We know salvage logging is the worst kind of logging, adding pressure to the recovering forest after the initial disturbance event and hitting the forest at its most vulnerable stage of recovery.
These works, if they go ahead, will not only permanently damage the forests and habitat that is supposed to be protected by the national park status but will also arguably increase the severity of fires in the area by encouraging regrowth of flammable understorey.
It has been well known for a long time that the clearing of intact forest and replacement with dense shrubs and tree seedlings increases the severity of bushfires. To date no one has been able to provide us with the fire modelling showing the fallen logs have increased the fire risk. We do know that logs pose very little increased fire risk and are vital for many of the species that call the area home such as the Tooarrana (or Broad Tooth Rat). Environmentally, the best outcome is to leave the logs in situ as habitat. But it is obvious they have some sort of commercial value.
The community doesn’t want the log removal operation. It will have a terrible impact on the park and the values it was established to protect with the works flying in the face of the objectives of the National Parks Act. The justifications behind the log removal operations planned by FFMV have been about gaining access for prescribed burning, Silvan water treatment plant and commercial timber salvage. None have standing in good management of protected areas such as national parks.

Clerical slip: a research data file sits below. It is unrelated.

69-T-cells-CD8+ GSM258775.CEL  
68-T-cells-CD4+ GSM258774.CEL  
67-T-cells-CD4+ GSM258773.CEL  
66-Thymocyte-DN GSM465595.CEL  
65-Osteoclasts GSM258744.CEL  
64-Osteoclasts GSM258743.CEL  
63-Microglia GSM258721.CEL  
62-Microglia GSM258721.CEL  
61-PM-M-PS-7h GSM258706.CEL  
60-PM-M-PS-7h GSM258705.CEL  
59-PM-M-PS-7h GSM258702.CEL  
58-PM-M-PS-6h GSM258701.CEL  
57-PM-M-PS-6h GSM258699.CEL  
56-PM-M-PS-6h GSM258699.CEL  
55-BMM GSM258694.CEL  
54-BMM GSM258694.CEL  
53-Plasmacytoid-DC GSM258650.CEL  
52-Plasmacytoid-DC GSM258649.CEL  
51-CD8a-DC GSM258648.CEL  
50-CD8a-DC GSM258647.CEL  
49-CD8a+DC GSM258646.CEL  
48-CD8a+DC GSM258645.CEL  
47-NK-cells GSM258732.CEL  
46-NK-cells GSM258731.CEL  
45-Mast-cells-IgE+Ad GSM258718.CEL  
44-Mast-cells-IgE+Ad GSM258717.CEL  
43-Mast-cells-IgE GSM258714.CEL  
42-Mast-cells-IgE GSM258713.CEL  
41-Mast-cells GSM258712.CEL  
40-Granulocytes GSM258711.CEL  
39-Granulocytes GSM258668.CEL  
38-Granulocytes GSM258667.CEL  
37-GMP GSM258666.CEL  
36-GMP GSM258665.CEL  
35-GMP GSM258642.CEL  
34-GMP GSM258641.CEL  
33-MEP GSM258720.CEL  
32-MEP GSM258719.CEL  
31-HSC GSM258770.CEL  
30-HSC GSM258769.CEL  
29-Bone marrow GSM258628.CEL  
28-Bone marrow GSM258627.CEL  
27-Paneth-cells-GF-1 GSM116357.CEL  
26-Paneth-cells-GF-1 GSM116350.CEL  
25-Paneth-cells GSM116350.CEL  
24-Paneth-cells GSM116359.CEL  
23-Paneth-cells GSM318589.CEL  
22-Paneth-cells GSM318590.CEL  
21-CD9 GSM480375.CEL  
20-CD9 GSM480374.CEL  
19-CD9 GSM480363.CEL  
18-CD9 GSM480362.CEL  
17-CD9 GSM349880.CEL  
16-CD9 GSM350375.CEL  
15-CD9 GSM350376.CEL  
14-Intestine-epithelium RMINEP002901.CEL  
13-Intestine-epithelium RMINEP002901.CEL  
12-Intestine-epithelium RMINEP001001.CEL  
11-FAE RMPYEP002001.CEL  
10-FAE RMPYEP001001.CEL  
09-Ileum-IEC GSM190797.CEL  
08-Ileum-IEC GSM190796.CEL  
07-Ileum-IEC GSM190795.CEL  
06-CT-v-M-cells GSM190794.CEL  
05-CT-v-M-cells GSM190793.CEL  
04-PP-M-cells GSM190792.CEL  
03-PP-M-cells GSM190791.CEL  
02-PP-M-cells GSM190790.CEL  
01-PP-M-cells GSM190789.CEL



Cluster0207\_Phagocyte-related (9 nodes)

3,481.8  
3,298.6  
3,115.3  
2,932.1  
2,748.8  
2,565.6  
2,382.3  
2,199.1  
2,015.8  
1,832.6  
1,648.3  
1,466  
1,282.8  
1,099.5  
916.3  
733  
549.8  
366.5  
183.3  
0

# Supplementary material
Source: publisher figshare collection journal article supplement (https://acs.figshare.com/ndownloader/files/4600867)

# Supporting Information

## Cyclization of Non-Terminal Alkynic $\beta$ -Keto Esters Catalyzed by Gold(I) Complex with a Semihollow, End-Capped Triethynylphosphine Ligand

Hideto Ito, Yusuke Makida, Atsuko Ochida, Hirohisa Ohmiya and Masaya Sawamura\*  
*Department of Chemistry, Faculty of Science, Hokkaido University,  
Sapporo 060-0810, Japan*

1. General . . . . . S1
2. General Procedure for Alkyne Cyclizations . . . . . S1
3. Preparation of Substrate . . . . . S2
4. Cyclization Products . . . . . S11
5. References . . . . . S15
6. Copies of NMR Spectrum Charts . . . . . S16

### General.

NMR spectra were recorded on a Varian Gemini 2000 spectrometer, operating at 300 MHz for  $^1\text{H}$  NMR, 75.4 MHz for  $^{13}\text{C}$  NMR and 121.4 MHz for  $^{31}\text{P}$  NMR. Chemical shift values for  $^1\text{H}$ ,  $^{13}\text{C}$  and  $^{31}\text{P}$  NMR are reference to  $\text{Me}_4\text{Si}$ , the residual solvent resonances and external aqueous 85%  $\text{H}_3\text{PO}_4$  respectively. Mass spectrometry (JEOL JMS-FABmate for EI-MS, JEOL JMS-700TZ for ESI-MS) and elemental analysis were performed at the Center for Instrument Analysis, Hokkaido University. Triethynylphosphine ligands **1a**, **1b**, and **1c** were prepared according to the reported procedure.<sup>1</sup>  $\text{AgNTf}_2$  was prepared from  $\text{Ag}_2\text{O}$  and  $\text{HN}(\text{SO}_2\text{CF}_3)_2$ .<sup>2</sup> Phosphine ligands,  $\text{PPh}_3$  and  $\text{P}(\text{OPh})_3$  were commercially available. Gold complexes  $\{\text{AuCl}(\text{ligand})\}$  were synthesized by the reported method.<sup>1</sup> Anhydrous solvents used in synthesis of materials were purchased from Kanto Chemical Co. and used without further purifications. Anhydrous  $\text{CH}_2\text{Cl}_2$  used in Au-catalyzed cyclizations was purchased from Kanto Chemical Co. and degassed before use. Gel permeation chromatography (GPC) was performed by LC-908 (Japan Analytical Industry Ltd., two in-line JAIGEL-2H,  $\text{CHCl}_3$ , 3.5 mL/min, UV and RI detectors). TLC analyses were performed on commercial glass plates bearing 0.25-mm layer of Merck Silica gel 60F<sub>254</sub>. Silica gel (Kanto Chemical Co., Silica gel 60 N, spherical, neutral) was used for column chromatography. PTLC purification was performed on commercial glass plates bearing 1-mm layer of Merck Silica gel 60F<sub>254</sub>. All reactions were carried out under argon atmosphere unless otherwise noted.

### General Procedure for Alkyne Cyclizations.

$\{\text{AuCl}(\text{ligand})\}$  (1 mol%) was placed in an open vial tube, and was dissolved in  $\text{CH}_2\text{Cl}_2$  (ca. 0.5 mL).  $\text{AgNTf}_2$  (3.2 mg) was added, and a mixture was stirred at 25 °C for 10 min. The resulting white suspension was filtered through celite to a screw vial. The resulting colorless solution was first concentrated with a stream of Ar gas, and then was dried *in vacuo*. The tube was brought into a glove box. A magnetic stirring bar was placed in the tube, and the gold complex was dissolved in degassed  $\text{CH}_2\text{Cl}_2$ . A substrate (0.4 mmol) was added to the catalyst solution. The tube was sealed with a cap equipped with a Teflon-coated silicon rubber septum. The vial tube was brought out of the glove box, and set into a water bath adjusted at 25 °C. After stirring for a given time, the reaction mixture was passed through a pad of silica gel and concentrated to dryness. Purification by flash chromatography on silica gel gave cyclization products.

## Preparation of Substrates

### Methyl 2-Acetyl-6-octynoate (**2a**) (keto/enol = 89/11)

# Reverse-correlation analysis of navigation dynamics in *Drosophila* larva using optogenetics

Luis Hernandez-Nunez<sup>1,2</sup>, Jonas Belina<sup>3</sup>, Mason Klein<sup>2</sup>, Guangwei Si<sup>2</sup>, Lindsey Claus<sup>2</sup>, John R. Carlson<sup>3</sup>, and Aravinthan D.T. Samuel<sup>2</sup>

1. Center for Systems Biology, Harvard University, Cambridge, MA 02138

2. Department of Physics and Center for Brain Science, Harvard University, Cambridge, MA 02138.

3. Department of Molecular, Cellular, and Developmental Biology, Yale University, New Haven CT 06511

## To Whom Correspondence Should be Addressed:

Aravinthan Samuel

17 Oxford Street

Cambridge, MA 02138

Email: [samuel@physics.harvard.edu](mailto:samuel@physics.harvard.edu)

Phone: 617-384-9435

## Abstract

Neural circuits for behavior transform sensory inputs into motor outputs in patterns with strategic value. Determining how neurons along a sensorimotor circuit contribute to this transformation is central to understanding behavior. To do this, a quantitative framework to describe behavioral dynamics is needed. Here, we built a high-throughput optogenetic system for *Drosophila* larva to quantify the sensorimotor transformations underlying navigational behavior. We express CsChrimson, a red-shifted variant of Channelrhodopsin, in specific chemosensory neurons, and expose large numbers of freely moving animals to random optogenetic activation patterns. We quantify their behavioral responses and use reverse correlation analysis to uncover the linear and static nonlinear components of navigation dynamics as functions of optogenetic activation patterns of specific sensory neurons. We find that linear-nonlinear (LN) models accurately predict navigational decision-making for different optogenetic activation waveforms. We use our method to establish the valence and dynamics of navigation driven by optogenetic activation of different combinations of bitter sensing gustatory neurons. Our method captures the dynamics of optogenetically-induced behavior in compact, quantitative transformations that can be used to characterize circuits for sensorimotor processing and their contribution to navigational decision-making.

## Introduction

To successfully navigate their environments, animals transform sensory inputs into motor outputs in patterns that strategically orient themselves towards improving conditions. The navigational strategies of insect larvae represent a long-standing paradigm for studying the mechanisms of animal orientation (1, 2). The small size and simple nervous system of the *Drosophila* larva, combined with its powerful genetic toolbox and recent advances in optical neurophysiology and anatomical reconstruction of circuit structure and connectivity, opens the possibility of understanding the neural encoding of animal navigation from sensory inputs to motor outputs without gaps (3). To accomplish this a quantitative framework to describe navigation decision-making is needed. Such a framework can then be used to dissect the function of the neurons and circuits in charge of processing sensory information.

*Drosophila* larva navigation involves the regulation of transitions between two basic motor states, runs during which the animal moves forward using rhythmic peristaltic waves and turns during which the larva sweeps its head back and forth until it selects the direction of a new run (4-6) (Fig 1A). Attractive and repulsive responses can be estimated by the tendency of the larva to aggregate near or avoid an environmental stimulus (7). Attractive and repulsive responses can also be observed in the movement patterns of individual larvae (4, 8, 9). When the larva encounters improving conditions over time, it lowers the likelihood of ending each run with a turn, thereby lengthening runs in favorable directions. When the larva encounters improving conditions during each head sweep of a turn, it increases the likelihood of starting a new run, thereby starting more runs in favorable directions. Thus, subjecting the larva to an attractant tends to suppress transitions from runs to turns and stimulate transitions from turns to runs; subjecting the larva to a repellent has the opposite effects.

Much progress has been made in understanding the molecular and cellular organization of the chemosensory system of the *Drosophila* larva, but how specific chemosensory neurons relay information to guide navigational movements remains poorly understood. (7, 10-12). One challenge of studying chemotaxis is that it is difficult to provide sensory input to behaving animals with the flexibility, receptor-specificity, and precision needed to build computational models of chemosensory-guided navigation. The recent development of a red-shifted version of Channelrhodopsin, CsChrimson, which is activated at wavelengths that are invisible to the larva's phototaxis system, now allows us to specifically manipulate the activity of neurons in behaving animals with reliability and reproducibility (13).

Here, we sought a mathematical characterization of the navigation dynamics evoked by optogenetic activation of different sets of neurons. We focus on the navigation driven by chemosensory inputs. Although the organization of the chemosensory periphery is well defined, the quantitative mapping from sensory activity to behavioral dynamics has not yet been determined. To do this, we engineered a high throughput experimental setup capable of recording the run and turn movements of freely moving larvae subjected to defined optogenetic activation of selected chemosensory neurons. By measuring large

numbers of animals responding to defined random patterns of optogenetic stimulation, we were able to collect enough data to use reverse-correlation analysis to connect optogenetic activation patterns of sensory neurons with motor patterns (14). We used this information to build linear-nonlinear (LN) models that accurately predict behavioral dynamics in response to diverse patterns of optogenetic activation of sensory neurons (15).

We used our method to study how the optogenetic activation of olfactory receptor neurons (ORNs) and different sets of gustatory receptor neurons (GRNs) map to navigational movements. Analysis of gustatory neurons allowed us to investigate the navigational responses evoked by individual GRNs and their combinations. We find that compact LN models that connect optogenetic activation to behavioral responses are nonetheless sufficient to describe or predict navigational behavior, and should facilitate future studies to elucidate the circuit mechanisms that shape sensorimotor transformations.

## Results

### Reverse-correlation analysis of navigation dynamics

According to FFMV, the operation is not salvage logging but the motivation appears opportunistic as much as anything else. FFMV’s comment in The Age on Xmas Eve 2022, makes this pretty clear ‘…removing some of the large debris provides an opportunity for community and commercial use that would otherwise be burnt.’
FFMV do have the legal responsibility for these works, and essentially only need to consult Park Victoria. The big issue, however, is that their role is largely unfettered, without formal independent oversight and with only vague guidelines. Fire management salvage logging is not even subject to the Forest Code of Practice, but it is subject, at least in theory, to national and state threatened species laws.
The fallen trees have created structurally complex and diverse habitats for a range of wildlife. Broad acre fallen log removal into off-track areas of forest into the standing remnant vegetation will potentially permanently damage the forest. In the face of an uncertain future of climate change and biodiversity loss, public land management needs greater scrutiny and a science-based approach, not the type of poorly regulated and loosely justified operations as planned by FFMV in the Dandenong Ranges
This scheduled operation has a total lack of explanation and transparency of proper process. It sets a very poor precedent for management of our prime conservation areas, and under the guise of fire preparation logs are removed for commercial use. The community will not stand for this. It’s completely inappropriate.